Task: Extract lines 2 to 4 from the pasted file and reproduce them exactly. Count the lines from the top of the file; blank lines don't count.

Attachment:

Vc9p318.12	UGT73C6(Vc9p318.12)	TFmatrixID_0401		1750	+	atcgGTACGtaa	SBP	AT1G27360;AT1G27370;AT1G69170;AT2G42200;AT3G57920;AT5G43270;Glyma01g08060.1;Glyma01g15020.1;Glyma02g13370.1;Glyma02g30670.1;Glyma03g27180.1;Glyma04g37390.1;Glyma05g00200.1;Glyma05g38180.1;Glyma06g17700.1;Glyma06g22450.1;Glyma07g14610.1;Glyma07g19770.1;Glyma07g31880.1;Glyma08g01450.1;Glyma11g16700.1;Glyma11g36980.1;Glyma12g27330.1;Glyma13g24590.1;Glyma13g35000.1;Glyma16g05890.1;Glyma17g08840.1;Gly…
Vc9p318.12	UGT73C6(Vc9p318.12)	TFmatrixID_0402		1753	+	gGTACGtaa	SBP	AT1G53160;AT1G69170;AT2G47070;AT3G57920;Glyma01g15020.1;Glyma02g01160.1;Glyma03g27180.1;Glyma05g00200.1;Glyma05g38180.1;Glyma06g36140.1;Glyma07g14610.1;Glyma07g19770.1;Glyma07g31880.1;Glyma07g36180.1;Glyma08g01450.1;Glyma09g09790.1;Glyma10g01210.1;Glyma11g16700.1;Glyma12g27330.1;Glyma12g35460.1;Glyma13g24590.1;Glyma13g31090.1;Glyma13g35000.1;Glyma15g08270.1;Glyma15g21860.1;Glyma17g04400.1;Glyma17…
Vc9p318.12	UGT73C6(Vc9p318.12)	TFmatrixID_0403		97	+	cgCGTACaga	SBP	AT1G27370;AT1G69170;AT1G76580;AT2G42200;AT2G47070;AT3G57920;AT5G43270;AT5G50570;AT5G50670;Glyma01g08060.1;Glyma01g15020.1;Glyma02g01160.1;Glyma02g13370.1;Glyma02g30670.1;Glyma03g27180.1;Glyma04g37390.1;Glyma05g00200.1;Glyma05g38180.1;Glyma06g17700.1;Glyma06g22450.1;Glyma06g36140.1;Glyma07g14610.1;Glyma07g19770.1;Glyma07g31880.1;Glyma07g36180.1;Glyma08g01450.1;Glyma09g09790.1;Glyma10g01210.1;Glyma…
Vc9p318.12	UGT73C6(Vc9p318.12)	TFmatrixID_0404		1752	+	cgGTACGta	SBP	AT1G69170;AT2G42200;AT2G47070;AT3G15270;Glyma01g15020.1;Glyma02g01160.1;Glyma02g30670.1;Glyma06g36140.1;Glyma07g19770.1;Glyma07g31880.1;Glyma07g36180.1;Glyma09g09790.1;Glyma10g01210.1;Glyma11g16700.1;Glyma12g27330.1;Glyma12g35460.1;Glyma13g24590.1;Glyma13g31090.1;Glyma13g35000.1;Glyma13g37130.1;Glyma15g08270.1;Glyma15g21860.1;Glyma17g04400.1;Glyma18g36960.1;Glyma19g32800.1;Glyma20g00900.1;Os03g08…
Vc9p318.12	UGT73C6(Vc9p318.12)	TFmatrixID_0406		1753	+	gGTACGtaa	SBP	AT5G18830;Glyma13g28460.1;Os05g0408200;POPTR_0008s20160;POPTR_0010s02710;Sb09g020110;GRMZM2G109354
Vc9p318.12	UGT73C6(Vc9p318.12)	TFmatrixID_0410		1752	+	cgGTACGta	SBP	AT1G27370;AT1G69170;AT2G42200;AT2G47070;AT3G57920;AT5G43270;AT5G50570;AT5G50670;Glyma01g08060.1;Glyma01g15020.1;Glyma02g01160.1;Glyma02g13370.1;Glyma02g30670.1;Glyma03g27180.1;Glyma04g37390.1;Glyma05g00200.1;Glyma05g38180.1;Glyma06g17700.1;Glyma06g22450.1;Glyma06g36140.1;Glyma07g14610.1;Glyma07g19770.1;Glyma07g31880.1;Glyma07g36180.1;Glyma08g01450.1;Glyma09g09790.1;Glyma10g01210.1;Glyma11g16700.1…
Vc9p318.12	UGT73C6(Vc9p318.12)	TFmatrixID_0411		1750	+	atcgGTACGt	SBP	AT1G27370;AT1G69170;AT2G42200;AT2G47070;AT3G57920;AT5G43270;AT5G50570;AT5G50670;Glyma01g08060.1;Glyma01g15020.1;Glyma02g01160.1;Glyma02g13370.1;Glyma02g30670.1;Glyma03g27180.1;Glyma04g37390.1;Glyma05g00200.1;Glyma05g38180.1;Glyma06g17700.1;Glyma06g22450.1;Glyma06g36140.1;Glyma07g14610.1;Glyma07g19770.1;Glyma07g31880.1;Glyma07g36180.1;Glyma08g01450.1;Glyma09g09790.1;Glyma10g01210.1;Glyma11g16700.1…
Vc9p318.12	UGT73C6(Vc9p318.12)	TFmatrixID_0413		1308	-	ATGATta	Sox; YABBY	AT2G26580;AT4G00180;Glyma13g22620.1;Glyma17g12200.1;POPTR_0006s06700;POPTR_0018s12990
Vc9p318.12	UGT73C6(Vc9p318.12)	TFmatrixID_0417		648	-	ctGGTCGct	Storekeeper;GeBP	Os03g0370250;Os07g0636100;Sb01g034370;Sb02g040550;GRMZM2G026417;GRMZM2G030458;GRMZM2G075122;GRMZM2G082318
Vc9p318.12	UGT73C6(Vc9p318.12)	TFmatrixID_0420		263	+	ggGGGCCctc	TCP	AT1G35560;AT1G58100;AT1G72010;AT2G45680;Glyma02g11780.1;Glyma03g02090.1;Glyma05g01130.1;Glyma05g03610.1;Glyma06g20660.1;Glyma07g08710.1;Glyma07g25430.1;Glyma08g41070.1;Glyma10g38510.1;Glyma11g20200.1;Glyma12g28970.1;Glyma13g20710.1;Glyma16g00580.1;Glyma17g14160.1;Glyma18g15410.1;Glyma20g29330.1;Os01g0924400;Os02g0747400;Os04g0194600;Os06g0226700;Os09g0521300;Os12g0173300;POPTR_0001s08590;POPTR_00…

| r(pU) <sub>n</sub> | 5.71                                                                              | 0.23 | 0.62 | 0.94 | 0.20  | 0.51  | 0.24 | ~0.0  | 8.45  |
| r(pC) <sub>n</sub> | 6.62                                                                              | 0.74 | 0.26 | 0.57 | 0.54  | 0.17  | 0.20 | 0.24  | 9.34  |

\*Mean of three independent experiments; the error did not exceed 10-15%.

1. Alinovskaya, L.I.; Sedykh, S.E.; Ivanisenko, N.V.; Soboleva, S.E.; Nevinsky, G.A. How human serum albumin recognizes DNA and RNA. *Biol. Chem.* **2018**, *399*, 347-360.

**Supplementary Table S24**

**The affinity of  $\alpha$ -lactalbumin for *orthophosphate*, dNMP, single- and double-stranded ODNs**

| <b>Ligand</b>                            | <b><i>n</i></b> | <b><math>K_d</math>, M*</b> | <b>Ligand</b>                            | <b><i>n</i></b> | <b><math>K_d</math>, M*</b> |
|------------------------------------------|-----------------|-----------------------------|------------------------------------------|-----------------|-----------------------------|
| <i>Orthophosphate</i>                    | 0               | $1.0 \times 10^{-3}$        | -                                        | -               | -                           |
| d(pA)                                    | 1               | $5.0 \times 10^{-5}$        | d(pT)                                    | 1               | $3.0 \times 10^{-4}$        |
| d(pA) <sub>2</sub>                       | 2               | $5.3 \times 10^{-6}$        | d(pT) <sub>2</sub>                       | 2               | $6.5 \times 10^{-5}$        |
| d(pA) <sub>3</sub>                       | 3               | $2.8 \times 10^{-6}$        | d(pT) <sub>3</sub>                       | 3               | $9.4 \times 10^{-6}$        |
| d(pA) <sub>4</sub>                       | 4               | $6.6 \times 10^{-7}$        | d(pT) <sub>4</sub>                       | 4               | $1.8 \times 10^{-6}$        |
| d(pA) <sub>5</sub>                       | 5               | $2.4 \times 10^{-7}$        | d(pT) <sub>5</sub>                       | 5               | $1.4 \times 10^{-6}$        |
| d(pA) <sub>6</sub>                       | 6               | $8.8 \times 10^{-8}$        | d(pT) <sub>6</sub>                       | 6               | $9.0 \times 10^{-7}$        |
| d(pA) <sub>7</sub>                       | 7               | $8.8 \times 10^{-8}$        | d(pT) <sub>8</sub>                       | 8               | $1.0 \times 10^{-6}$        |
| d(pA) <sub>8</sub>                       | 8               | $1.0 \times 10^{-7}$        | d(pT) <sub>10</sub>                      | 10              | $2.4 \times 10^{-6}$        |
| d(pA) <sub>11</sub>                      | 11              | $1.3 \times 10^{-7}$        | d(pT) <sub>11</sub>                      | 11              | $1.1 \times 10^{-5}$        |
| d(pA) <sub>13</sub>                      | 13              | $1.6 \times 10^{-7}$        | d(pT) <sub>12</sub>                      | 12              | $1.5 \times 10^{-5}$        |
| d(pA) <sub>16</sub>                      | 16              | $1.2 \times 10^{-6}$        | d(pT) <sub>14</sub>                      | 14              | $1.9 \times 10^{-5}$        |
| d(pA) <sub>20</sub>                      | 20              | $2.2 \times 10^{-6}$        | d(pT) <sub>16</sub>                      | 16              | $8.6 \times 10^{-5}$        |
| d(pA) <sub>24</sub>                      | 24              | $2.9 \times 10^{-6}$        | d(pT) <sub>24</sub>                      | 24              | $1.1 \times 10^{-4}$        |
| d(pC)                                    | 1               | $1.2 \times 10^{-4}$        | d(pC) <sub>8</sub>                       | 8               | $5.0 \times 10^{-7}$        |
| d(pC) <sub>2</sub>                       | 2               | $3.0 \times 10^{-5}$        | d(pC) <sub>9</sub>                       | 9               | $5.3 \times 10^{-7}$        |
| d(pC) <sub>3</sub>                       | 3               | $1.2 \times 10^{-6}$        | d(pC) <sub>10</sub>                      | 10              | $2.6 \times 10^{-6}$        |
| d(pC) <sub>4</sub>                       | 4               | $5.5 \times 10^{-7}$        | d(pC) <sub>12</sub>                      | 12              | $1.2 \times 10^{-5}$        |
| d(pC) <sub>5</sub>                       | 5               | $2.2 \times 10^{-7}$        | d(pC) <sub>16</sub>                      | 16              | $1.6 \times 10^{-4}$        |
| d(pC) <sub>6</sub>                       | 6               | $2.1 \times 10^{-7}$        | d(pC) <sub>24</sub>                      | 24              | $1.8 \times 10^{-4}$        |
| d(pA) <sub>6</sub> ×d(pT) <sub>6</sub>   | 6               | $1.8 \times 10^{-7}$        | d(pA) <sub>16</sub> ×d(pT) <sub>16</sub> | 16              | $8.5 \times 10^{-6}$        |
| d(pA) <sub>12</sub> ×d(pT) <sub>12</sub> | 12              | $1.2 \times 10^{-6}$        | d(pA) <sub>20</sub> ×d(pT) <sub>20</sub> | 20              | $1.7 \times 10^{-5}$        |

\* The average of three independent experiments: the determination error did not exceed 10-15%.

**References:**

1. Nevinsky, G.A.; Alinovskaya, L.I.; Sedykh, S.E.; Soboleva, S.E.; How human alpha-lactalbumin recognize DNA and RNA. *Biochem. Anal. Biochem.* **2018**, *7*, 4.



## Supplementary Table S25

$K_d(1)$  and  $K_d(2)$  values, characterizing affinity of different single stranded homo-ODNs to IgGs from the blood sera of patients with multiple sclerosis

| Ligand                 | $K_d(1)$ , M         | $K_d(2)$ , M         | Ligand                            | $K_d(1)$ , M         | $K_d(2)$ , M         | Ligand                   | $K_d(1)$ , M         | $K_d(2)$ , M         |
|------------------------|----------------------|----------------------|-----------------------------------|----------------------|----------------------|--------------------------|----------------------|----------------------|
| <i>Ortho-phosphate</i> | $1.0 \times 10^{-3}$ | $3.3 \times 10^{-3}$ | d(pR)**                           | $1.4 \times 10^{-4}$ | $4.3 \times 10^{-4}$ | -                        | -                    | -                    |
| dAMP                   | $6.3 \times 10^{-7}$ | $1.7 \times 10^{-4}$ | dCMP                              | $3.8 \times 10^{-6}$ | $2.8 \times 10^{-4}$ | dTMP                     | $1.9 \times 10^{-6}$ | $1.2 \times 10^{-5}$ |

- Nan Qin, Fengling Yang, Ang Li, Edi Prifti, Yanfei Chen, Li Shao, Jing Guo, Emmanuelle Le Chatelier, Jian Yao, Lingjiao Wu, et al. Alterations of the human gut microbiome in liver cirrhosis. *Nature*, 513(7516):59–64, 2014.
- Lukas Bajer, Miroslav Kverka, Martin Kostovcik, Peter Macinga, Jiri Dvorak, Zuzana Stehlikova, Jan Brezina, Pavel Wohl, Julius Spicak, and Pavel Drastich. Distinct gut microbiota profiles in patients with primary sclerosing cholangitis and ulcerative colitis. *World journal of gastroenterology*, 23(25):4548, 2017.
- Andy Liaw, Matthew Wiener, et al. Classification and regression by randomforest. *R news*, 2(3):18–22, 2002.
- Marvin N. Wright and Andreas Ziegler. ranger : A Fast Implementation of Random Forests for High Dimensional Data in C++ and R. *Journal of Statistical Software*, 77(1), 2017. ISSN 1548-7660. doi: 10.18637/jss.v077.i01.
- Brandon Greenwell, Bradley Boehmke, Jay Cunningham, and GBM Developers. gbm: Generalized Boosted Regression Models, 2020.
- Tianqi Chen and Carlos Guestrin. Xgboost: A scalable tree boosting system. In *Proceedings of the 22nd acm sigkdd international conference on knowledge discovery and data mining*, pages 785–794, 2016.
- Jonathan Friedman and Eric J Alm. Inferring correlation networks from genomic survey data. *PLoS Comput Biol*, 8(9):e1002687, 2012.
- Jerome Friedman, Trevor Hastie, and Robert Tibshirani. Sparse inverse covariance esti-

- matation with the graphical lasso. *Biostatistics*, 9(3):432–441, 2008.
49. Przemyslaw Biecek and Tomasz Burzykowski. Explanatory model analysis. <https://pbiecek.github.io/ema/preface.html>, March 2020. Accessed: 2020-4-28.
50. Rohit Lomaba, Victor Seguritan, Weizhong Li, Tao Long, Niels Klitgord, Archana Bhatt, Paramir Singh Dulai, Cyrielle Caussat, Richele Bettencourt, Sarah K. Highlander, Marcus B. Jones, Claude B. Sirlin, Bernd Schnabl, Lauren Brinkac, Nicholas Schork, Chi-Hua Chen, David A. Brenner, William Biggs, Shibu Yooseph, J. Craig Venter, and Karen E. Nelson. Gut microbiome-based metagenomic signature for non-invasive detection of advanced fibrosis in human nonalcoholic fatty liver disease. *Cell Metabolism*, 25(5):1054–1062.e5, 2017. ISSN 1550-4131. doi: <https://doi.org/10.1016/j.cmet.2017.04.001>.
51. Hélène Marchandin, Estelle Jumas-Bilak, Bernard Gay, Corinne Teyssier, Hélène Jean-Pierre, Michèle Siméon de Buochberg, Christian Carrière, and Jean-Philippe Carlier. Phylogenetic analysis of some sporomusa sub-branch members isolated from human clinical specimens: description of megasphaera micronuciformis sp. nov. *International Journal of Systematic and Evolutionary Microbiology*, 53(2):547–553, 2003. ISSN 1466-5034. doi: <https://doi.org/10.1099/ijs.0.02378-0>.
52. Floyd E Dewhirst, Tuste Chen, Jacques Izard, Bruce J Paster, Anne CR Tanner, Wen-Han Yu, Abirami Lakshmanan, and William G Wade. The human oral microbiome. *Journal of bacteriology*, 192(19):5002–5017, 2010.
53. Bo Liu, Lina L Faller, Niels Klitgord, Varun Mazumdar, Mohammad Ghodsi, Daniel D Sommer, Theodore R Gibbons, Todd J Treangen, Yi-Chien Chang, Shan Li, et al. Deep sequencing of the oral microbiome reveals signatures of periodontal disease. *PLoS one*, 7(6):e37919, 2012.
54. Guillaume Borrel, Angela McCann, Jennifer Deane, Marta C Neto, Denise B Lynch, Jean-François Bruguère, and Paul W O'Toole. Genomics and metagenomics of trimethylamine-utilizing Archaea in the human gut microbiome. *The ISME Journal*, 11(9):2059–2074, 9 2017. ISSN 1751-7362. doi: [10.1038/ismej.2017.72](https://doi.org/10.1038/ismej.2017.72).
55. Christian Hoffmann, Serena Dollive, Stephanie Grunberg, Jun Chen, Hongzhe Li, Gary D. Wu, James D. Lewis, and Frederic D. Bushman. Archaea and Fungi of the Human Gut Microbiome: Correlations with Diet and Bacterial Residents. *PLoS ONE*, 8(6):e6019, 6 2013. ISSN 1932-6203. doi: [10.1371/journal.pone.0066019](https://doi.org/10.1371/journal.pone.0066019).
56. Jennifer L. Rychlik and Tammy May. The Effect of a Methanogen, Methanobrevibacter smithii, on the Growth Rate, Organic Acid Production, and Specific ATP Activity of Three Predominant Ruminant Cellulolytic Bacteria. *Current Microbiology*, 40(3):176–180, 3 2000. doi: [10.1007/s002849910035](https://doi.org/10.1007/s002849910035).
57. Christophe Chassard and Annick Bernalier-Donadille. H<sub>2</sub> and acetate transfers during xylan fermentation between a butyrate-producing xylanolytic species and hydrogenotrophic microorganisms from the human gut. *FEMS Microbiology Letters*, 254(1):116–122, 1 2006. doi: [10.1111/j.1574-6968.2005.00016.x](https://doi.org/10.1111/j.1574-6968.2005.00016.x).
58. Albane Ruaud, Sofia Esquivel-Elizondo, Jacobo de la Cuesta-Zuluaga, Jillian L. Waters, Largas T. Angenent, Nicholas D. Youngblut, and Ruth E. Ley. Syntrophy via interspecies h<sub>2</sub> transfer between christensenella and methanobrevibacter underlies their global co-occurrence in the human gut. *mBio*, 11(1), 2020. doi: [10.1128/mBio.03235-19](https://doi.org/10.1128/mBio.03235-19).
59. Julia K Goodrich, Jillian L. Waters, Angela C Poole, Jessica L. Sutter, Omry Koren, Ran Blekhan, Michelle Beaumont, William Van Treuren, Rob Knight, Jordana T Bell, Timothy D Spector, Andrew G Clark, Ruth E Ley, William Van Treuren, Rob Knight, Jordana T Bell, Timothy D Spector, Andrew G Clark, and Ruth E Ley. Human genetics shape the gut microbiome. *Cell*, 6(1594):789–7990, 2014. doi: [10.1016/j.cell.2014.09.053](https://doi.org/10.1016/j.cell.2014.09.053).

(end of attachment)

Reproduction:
Vc9p318.12	UGT73C6(Vc9p318.12)	TFmatrixID_0402		1753	+	gGTACGtaa	SBP	AT1G53160;AT1G69170;AT2G47070;AT3G57920;Glyma01g15020.1;Glyma02g01160.1;Glyma03g27180.1;Glyma05g00200.1;Glyma05g38180.1;Glyma06g36140.1;Glyma07g14610.1;Glyma07g19770.1;Glyma07g31880.1;Glyma07g36180.1;Glyma08g01450.1;Glyma09g09790.1;Glyma10g01210.1;Glyma11g16700.1;Glyma12g27330.1;Glyma12g35460.1;Glyma13g24590.1;Glyma13g31090.1;Glyma13g35000.1;Glyma15g08270.1;Glyma15g21860.1;Glyma17g04400.1;Glyma17…
Vc9p318.12	UGT73C6(Vc9p318.12)	TFmatrixID_0403		97	+	cgCGTACaga	SBP	AT1G27370;AT1G69170;AT1G76580;AT2G42200;AT2G47070;AT3G57920;AT5G43270;AT5G50570;AT5G50670;Glyma01g08060.1;Glyma01g15020.1;Glyma02g01160.1;Glyma02g13370.1;Glyma02g30670.1;Glyma03g27180.1;Glyma04g37390.1;Glyma05g00200.1;Glyma05g38180.1;Glyma06g17700.1;Glyma06g22450.1;Glyma06g36140.1;Glyma07g14610.1;Glyma07g19770.1;Glyma07g31880.1;Glyma07g36180.1;Glyma08g01450.1;Glyma09g09790.1;Glyma10g01210.1;Glyma…
Vc9p318.12	UGT73C6(Vc9p318.12)	TFmatrixID_0404		1752	+	cgGTACGta	SBP	AT1G69170;AT2G42200;AT2G47070;AT3G15270;Glyma01g15020.1;Glyma02g01160.1;Glyma02g30670.1;Glyma06g36140.1;Glyma07g19770.1;Glyma07g31880.1;Glyma07g36180.1;Glyma09g09790.1;Glyma10g01210.1;Glyma11g16700.1;Glyma12g27330.1;Glyma12g35460.1;Glyma13g24590.1;Glyma13g31090.1;Glyma13g35000.1;Glyma13g37130.1;Glyma15g08270.1;Glyma15g21860.1;Glyma17g04400.1;Glyma18g36960.1;Glyma19g32800.1;Glyma20g00900.1;Os03g08…